I’m not sure about the scents of the white and pink soaps, but they could be discontinued. As a matter of fact, their boxes and packaging could be coming from the 1980s, definitely not from the most recent collections. Contemporary Roger & Gallet soaps are wrapped in tissue paper, as usual, but they only have a round sticker – not a wrapping label.
Some flacons bouchon coeur by Guerlain can be seen on another counter. Most of them have no label, so it’s impossible to know what perfumes they contained. One thing is certain: their glass stoppers tell us they’re from before 1962, year in which plastic stoppers replaced the glass ones. As for the Mitsouko modern bottle, the pump atomizer is a nice way to give it a vintage feel.
Agnes Towler (Aisling Loftus) meets Henri Leclair (Grégory Fitoussi) in the beauty department. They have a short conversation about perfumes, from which we learn that Agnes is a classic British girl, who loves traditional perfumes like Yardley Lavender. The aromatic fougère, launched in 1919, is another not-historically-accurate choice, but it works.
The dressing table of Rose Selfridge (Frances O’Connor) is quite busy. She’s clearly a fan of Guerlain perfumes: two flacons montre  can be seen on the shelf in front of the window, but there’s more. She opens a Guerlain box, decorated with people and animals, and takes out a flacon bouchon coeur, the bottle with the heart-shaped stopper designed by Raymond Guerlain in collaboration with Baccarat. It would be easy to assume this is Après l’Ondée, created by Jacques Guerlain in 1906, but it’s not, because that perfume has never had that bottle. It would have been a historically accurate choice (this episode takes place in 1909), but prop masters opted for something different. The flacon bouchon coeur originally contained three perfumes, released between 1912 and 1919.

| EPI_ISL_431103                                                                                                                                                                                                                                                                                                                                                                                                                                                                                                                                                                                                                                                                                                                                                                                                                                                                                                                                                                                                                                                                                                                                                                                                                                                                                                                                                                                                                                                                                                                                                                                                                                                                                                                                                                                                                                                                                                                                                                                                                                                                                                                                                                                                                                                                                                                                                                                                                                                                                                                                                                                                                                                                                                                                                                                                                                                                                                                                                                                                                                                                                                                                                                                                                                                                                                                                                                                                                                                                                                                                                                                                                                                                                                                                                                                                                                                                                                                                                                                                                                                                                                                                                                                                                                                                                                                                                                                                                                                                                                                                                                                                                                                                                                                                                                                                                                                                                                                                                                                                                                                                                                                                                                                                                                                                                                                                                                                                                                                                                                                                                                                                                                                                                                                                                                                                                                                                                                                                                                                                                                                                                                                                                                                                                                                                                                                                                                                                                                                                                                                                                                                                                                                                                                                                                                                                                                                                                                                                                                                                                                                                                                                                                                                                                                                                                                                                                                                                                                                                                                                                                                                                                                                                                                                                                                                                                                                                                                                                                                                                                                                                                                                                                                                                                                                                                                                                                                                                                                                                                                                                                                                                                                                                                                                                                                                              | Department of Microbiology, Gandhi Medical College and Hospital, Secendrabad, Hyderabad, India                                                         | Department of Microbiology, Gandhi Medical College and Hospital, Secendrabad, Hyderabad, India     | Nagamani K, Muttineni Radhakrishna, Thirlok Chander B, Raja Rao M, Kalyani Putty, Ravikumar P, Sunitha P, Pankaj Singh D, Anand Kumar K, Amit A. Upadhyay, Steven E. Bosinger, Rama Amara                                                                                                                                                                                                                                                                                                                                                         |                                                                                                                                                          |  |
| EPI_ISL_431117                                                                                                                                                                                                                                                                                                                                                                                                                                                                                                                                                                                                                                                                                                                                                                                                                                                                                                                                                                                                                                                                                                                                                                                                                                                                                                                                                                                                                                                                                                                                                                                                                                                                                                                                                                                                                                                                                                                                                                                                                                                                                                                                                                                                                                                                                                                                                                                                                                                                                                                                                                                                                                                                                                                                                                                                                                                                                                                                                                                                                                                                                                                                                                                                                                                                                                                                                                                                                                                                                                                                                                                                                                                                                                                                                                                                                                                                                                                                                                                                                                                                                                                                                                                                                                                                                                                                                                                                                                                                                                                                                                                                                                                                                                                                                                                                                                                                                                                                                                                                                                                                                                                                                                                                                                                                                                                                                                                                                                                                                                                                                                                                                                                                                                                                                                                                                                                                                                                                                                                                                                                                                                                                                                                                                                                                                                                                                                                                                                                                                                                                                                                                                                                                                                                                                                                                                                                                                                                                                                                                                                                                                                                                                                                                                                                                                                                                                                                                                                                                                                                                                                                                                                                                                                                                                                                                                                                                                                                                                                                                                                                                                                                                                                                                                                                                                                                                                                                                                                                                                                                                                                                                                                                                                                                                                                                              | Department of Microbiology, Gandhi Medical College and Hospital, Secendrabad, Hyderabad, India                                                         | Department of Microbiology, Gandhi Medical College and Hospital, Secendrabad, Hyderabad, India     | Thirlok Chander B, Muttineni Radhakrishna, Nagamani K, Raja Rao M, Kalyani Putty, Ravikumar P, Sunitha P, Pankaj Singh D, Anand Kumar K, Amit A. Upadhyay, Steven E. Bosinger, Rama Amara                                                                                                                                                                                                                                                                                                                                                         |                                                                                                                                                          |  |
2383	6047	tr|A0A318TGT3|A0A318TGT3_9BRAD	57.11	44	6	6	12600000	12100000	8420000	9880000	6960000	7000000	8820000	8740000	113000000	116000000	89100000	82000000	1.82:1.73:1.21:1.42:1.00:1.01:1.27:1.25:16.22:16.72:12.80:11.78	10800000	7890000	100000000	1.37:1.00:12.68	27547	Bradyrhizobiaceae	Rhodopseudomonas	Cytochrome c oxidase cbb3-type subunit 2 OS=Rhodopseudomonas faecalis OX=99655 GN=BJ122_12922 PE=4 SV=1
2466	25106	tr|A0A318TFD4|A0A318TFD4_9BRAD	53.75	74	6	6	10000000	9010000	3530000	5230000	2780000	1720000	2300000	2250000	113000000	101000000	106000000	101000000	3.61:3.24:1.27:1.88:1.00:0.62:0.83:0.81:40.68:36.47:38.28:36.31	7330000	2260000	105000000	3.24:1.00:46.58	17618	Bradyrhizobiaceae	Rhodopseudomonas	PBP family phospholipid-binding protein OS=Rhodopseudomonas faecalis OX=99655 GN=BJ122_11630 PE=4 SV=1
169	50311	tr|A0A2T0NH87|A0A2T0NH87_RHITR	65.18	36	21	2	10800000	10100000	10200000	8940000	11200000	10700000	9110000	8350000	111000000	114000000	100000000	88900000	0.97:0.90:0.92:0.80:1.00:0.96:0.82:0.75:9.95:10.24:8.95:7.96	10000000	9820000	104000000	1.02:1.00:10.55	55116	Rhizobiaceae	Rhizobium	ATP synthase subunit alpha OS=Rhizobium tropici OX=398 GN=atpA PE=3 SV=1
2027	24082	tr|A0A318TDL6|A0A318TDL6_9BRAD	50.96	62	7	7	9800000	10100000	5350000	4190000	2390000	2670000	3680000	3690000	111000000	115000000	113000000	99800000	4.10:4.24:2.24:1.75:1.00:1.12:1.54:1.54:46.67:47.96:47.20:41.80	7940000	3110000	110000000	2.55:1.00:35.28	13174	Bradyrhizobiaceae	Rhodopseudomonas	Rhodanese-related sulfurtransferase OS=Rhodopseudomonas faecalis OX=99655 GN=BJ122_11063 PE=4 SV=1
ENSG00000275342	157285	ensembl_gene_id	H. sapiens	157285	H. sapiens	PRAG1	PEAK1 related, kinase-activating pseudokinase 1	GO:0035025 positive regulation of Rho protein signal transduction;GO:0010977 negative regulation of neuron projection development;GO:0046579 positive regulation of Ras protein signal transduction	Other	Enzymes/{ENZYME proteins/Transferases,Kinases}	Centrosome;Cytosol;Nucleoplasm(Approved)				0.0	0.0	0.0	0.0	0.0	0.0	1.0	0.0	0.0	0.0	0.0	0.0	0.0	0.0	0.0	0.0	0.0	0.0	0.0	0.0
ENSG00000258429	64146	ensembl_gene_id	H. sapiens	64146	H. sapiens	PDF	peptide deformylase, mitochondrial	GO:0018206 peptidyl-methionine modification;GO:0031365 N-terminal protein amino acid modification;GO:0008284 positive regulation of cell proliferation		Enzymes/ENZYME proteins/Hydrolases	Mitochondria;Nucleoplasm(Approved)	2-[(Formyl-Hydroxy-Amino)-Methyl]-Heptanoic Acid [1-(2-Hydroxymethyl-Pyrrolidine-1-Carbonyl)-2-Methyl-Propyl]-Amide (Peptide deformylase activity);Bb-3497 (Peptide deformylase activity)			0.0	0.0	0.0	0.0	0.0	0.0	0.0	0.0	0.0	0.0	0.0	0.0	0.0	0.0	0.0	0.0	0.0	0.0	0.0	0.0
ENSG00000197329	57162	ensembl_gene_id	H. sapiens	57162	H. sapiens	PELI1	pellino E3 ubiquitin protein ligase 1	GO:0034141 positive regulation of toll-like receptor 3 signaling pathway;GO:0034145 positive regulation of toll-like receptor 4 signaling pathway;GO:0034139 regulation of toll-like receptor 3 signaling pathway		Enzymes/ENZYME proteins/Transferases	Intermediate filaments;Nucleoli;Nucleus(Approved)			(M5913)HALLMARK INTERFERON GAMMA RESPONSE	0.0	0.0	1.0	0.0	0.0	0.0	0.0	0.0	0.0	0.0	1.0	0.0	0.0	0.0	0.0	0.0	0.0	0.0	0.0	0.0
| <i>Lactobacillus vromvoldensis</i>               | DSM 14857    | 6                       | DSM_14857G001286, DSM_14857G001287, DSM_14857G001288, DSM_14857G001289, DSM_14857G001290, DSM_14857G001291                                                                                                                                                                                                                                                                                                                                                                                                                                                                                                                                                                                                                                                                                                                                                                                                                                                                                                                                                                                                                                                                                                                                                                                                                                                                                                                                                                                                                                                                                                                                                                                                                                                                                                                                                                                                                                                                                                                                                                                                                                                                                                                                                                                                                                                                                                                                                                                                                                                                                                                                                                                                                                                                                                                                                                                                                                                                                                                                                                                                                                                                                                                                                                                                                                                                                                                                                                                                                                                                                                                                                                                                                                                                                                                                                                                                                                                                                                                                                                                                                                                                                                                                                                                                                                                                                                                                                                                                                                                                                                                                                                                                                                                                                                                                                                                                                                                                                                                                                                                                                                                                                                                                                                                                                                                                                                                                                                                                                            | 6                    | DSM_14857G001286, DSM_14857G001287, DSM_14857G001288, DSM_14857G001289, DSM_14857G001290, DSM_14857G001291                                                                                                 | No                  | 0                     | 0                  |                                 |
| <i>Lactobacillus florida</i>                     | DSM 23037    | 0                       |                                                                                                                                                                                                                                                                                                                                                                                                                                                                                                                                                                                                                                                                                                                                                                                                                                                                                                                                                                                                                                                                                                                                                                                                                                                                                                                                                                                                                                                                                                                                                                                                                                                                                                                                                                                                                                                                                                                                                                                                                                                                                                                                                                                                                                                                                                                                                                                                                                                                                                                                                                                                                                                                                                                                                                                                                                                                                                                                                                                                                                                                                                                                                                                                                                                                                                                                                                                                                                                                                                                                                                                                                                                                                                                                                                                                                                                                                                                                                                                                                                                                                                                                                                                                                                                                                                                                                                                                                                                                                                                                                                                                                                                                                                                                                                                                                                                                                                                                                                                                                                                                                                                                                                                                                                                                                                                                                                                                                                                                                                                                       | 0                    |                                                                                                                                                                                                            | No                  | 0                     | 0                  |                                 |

L’Heure Bleue was created by Jacques Guerlain in 1912. I don’t think this is the perfume seen on Rose’s dressing table because of the blue lettering on the central sticker.
The last possibility is Mitsouko, one of the most famous perfumes by the French brand. Another creation by Jacques Guerlain, it was launched in 1919, ten years after the time in which the tv show is set.
My guess is that the perfume seen in this episode is Fol Arôme, because the pale orange decorations on the sticker seem to match.
 The flacon montre was first released in 1936. The presence of these bottles in this episode is totally inaccurate, but no one can deny their decorative function.
Anaïs Nin (Maria de Medeiros) puts on some perfume. The bottle she holds is clearly the flacon bouchon coeur by Raymond Guerlain. The perfume she uses is Mitsouko, launched in 1919. It was her signature scent, along with Caron Narcisse Noir.
There’s a bottle of Guerlain Vol de Nuit on the protagonist’s bathroom shelf. Phaedra (Melina Mercouri), who falls in love with her stepson (Anthony Perkins), is a rich and bored woman, so it’s no wonder she uses this perfume. Vol de Nuit, created by Jacques Guerlain in 1933, is not the ubiquitous Shalimar or Mitsouko, but has a special charm, also related to its source of inspiration – Antoine de Saint-Exupery’s novel with the same name, published in 1931. The aviation theme of the name can be found in the flacon rayonnant, resembling a moving aircraft propeller.